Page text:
Enabling can be hard to spot by those who are doing it. In my line of work I see it all the time. Recently, I tried to point out to the parent of an 18 year old, that their undying belief in their sons honesty was a huge liability and handicap to his success in sobriety. As a parent myself, I understand the need to believe that my children are telling me the truth wholesale, but if I do not take into account that my child or family member is an addict or alcoholic, then I'm the one with the problem. 

Addicts and alcoholics are very smart when it comes to manipulation. This parent described to me what their child told them, namely that he shouldn't be living in a half-way house. He played on a parent's worst fears, saying bad things about his housemates, complaining about unfair rules and that the house was in a bad area of town. None of this was true, of course, but the addict achieved his desired outcome. He got his own apartment and a car, and he'd only been out of treatment for a month. It may seem obvious to anyone reading this story that this was not the best outcome, but keep in mind that the desire to fix material things for the people we care about can be overwhelming when we feel powerless to fix the real problem: their addiction. 

My problem when using was that I wanted life to change to meet my conditions. I didn't understand that I had to change to meet conditions as they were. My parents where lucky. They wised up in enough time to stop from killing me through enabling. They stopped bailing me out of jail even though I protested that it wasn't my fault, whatever it was that got me in there. They let me spend some real time being present to the consequences of my behavior. "But you don't understand" became my mantra when they stopped "helping" me. As if being misunderstood was the root of my addiction and the reason for the conditions of life as I was living it. I believe a wise parent would say, "I don't need to understand because it is your problem and you are going to deal with it."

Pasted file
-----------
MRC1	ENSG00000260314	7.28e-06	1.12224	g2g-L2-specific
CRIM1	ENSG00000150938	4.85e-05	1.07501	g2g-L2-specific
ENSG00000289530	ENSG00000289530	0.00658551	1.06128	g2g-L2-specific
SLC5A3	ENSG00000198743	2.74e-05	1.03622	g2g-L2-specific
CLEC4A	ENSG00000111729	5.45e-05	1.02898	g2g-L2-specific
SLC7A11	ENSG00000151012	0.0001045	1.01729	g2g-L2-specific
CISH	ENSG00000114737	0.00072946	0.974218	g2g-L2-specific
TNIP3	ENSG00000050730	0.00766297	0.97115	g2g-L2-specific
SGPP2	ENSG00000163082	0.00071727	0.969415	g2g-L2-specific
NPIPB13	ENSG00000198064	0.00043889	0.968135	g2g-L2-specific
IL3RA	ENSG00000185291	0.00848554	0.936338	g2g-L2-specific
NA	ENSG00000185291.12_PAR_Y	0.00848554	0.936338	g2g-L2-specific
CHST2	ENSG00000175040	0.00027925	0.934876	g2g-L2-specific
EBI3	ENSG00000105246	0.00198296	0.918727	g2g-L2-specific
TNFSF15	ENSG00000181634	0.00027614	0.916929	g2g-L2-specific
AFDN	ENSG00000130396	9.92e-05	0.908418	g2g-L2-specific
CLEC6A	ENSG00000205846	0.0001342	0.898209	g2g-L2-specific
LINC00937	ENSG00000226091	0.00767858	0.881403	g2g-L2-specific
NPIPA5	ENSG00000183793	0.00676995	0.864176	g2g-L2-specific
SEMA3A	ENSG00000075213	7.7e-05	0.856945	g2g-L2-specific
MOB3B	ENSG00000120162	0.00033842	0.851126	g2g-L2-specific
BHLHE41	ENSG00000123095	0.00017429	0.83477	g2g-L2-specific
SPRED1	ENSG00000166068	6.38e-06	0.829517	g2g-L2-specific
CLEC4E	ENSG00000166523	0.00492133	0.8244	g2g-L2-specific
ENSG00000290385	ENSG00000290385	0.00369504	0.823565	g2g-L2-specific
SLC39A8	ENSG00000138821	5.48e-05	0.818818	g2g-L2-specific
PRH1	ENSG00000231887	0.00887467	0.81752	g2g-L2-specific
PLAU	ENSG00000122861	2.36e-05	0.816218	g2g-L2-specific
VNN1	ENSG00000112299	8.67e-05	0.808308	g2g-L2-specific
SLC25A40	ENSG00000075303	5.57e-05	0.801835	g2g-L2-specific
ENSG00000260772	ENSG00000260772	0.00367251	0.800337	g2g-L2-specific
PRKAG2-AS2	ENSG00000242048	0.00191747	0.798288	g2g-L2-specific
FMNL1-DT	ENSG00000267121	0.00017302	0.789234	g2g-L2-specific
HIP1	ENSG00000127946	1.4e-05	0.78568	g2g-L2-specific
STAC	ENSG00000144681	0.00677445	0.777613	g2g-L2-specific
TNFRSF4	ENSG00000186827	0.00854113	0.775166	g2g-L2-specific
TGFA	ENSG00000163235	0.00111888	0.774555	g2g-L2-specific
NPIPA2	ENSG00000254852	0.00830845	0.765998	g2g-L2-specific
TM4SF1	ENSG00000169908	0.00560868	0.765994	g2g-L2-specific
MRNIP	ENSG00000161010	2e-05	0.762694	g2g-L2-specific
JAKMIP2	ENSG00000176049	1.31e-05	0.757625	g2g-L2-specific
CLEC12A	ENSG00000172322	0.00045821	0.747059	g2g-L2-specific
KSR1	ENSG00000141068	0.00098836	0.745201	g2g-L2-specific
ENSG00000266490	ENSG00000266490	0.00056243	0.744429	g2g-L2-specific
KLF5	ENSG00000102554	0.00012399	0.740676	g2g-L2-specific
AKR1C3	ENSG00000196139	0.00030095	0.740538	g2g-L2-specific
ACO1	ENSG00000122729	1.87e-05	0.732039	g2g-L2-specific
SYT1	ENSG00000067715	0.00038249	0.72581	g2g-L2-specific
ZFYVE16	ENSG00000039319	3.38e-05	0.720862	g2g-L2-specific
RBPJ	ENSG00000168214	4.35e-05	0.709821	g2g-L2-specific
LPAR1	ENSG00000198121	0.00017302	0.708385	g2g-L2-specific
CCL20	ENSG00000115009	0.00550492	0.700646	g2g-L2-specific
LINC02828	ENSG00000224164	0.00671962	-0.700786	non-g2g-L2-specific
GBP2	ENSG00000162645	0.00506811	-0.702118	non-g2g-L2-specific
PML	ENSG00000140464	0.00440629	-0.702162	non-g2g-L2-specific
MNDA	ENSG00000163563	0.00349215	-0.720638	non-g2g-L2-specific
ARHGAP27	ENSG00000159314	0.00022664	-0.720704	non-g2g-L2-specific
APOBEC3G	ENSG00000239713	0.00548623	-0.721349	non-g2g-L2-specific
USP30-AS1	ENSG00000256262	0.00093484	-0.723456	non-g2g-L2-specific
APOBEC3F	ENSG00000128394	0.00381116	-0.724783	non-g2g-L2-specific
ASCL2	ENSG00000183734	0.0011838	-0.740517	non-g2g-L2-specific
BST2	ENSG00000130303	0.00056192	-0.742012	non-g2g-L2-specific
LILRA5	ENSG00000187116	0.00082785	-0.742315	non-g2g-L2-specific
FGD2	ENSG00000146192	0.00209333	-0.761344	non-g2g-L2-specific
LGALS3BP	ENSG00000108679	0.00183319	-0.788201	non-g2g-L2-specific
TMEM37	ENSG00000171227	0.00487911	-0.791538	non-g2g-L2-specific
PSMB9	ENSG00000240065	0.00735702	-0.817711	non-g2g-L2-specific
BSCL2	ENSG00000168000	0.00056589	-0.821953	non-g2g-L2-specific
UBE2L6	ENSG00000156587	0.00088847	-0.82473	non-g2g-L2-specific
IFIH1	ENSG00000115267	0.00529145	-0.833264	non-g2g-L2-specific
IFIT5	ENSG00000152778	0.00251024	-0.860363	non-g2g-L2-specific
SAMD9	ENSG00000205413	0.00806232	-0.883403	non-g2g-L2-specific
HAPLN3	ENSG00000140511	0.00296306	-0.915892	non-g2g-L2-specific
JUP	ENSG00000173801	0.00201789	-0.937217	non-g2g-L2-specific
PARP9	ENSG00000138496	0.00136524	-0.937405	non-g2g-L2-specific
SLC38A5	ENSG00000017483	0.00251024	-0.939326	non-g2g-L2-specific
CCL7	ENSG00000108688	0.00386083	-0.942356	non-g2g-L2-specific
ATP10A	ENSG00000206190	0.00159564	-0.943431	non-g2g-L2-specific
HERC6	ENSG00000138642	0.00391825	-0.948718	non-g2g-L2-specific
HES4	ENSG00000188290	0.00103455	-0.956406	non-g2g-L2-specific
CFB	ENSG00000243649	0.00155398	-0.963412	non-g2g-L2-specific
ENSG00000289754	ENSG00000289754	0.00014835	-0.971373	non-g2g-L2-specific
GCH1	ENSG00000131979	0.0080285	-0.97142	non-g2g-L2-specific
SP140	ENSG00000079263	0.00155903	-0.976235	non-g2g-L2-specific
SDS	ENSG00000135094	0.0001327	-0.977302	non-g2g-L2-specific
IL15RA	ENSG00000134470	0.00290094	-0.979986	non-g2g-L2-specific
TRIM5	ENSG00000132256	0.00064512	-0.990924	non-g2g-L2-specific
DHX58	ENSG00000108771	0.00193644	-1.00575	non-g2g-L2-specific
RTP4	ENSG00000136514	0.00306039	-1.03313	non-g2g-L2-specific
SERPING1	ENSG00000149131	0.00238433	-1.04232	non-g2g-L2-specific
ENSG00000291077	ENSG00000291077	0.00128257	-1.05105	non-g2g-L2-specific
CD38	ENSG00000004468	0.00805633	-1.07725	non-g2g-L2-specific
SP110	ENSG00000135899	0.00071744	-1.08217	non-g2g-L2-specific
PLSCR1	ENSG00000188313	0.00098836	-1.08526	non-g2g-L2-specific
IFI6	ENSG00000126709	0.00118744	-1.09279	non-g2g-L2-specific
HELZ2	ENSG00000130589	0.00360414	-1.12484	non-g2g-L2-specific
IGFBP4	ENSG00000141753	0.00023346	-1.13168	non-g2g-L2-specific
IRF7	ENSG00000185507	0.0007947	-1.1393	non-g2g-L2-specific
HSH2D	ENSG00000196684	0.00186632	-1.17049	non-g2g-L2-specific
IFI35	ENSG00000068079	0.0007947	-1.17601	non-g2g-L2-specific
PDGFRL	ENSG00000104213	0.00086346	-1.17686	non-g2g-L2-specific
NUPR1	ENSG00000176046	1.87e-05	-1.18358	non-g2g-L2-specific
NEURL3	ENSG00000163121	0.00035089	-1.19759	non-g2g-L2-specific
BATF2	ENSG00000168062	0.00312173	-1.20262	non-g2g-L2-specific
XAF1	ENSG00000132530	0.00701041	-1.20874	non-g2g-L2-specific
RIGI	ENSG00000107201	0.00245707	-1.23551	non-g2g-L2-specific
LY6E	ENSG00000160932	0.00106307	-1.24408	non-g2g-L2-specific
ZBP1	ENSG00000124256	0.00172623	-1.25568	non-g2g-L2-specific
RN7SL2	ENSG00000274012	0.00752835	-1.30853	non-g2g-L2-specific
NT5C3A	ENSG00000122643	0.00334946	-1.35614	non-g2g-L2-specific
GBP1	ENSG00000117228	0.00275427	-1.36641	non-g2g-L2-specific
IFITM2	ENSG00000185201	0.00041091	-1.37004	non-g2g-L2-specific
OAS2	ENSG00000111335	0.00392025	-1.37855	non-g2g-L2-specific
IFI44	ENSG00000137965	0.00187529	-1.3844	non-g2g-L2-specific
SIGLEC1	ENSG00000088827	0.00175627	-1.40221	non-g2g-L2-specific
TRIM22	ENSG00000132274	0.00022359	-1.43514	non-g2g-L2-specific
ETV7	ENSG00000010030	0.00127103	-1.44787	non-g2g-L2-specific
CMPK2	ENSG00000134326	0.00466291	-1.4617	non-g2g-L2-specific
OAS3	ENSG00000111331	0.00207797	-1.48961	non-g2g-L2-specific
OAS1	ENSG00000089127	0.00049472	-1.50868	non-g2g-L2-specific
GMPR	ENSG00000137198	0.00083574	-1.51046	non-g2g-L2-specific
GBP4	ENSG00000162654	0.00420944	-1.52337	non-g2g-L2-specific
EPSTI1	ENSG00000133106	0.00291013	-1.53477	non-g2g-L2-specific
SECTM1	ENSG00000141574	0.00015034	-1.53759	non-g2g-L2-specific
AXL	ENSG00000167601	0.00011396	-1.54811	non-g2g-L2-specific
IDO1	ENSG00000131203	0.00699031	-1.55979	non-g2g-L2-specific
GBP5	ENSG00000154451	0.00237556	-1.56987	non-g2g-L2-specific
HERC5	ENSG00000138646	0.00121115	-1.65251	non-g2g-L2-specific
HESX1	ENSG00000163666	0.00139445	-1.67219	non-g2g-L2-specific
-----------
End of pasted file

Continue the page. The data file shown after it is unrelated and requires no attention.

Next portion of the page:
The real problem with enabling is that it trains the sick member of the family to depend on you for too much security and unhealthy dependence. The sick person will not be equipped to handle life and all that it throws at them because they have depended too much on someone else for things they should be doing themselves.

I do my best to coach receptive family members as to how to approach the various situations that newly sober individuals face. At Wilmington Recovery, the priority is to teach and promote healthy life skills to each member through weekly activities such as short term budgeting, healthy approaches to relationships, realistic goal setting for future desires and doing for yourself what you can. For the parents and loved ones of addicts and alcoholics at any stage of recovery or addiction, Al-anon is the best resource for coping with and learning how to truly help.